Cross-linking techniques

Fine-tuning CXL parameters for optimal clinical outcomes

Dermot McGrath

Posted: Friday, December 7, 2018

Theo Seiler MD, PhD

Respecting certain technical parameters in the application of corneal cross-linking (CXL) will help physicians achieve greater consistency in outcomes when treating patients with keratoconus, Professor Theo Seiler MD, PhD, told delegates attending a joint ESCRS/EuCornea symposium on cross-linking at the 36th Congress of the ESCRS in Vienna.

Since the introduction of CXL into clinics, many changes to the original Dresden protocol have been proposed, such as new light sources with shorter treatment times due to higher irradiances and new solutions with shorter imbibition times.

“I think now is a good opportunity to answer some of the questions that my colleagues frequently ask about the application of CXL in their clinics – how much energy to use, as well as various questions around oxygen and riboflavin use,” he said.

Key parameters of the Dresden protocol included removing the central 8-10mm of the epithelium and applying a 0.1% riboflavin solution in 16% dextran to the corneal surface followed by 30-minute exposure to 365nm ultraviolet light with an irradiance of 3mW/cm2, said Dr Seiler.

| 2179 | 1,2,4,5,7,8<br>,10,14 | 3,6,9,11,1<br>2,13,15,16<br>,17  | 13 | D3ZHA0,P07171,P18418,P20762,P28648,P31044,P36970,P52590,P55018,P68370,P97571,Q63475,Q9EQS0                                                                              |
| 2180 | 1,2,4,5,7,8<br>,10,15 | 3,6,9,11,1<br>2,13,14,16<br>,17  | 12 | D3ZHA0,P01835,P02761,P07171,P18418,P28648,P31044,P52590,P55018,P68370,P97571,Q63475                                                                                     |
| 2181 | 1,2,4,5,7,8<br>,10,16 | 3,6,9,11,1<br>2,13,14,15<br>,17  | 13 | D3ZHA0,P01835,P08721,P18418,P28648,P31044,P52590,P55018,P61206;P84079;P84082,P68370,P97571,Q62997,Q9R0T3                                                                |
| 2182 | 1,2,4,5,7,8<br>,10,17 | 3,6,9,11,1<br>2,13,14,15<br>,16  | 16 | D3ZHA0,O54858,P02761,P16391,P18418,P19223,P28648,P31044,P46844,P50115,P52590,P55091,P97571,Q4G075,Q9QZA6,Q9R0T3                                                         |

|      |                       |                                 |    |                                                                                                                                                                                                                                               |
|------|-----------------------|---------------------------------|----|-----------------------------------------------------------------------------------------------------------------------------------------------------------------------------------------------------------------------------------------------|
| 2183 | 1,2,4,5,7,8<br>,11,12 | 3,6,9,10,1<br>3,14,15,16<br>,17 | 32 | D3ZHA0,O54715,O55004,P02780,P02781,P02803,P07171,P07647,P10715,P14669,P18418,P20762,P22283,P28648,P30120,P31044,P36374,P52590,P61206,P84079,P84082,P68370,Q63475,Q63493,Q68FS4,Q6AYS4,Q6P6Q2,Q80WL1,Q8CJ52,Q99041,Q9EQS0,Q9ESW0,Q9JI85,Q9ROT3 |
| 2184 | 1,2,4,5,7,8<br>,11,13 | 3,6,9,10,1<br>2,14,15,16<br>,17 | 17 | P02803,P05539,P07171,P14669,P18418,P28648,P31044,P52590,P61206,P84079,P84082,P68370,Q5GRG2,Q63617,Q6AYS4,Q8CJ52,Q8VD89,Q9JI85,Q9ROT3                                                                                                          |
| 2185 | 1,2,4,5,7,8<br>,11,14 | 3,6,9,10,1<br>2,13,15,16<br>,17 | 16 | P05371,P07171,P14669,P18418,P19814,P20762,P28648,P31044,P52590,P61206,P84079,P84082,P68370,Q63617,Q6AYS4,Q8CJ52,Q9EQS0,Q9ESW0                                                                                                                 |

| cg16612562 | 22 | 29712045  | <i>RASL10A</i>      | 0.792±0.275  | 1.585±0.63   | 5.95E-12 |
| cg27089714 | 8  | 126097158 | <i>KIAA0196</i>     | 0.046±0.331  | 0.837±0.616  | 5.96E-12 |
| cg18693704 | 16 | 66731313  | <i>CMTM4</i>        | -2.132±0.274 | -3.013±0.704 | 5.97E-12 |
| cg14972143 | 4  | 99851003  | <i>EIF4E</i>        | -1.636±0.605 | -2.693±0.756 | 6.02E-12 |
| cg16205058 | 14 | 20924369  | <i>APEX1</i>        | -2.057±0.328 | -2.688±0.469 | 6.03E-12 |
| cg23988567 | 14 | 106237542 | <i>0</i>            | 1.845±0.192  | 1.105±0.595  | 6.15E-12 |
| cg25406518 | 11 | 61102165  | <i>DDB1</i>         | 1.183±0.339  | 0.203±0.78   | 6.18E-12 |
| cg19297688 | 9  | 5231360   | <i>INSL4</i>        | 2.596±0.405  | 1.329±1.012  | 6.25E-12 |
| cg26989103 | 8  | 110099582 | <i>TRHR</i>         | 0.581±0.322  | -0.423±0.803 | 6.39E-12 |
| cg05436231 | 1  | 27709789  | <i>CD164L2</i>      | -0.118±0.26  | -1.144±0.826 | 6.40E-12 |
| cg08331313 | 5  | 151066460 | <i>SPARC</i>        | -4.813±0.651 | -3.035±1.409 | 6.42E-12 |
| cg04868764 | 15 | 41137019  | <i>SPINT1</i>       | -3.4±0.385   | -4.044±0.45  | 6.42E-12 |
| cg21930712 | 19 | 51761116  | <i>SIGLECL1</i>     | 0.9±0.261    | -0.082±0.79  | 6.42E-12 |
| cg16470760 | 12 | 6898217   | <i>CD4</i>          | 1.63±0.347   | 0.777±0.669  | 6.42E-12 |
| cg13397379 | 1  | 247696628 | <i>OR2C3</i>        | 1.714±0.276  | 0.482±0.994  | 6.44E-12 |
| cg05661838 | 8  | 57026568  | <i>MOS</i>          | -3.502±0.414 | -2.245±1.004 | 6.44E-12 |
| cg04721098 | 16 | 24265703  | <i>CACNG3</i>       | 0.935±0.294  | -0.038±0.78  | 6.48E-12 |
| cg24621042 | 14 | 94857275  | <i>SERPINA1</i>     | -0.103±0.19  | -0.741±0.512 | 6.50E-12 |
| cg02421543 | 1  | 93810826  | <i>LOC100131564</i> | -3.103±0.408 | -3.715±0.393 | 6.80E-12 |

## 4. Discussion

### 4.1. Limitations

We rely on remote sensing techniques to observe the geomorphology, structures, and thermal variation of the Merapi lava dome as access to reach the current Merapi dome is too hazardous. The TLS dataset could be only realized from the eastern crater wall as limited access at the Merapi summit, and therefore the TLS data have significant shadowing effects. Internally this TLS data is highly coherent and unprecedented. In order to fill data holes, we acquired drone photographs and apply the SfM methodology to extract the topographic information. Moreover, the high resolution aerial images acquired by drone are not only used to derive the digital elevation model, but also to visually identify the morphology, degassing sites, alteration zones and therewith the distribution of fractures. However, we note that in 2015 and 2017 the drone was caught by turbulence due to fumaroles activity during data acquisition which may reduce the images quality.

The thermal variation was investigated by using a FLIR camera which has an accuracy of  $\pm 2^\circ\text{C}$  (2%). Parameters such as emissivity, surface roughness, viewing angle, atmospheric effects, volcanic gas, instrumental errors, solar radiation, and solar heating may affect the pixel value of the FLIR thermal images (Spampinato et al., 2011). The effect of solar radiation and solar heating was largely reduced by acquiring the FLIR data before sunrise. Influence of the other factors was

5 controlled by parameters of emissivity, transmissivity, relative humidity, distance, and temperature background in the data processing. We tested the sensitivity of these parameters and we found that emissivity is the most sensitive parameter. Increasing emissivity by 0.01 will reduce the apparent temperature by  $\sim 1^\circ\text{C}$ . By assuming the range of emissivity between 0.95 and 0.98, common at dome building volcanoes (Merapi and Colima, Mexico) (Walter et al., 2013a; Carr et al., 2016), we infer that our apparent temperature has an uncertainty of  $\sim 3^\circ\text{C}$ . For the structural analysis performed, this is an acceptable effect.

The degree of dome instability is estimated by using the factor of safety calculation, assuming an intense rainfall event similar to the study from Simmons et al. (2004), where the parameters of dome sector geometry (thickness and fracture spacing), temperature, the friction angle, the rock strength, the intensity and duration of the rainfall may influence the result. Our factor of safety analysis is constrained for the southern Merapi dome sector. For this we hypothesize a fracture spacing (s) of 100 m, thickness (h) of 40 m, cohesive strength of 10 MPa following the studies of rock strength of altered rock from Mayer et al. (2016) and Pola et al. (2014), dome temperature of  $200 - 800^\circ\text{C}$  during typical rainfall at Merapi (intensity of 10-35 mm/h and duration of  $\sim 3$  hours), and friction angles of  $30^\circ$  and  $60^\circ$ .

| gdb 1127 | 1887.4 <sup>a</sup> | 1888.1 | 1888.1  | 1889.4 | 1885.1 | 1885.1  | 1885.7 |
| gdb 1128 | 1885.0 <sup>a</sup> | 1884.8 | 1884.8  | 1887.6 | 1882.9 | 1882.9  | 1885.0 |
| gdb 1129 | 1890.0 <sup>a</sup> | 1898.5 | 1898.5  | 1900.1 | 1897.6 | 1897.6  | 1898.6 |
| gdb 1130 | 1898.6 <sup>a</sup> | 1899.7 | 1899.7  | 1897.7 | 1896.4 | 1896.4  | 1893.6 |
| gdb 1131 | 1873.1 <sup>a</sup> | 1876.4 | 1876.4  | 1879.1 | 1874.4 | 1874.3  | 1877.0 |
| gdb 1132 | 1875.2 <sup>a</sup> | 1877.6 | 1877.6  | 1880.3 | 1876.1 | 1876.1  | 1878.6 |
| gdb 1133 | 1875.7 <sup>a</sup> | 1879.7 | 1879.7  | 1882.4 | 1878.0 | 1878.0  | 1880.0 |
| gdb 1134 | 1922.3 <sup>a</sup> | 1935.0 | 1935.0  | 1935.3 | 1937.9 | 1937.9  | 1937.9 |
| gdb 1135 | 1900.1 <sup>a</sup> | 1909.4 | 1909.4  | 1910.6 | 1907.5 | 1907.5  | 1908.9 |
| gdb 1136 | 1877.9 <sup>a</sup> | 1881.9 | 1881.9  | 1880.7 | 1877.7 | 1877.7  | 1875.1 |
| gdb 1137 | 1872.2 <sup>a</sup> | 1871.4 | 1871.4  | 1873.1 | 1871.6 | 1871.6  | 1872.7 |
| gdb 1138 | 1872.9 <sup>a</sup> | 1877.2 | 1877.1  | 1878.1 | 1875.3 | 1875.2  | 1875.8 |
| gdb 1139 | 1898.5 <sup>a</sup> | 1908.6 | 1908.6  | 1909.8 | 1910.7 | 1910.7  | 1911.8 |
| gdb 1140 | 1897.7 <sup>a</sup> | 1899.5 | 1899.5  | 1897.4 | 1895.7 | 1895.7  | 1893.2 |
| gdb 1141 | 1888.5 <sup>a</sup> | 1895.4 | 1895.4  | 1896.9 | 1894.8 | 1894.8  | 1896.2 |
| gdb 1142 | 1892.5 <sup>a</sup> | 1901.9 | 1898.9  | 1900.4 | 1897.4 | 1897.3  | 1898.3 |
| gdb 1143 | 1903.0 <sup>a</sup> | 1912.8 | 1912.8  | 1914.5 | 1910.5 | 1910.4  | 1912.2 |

“We now know that effective CXL entails three key ingredients: ultraviolet light, riboflavin and oxygen,” he said.

In terms of ultraviolet parameters, Dr Seiler noted that lamps on the market now offer UV-irradiances ranging from 3mW/cm2 to 45mW/cm2. While the treatment time could be reduced with higher power densities, the key question is whether shorter irradiance duration diminishes the efficacy of the CXL treatment, said Dr Seiler.

Two different groups who initially evaluated the topic came up with completely opposite conclusions, said Dr Seiler.

His own study of the issue, however, concluded that using higher UV irradiances combined with shorter treatment times reduces the efficacy of the treatment.

“Shorter operation times may be achieved by increasing the irradiance from 3mW/cm2 up to 15mW/cm2 without loss of efficacy if the application time is adjusted,” he said.

For riboflavin application, using hydroxylpropyl methylcellulose (HPMC) solution offers some clear advantages over Dextrane, said Dr Seiler.

“With HPMC the cornea swells by 8%, whereas with dextran 20% it shrinks significantly, which occasionally led to epithelial damage. So using HPMC shortens imbibition time from 30 minutes to 10 minutes and also makes it safer,” he said.

For effective cross-linking to occur, a certain amount of oxygen is required to be present in the cornea, said Dr Seiler.

Whereas the standard Dresden protocol occurs slowly enough for the oxygen to replenish, some accelerated CXL protocols consume too much oxygen too quickly.

Theo Seiler: c/o

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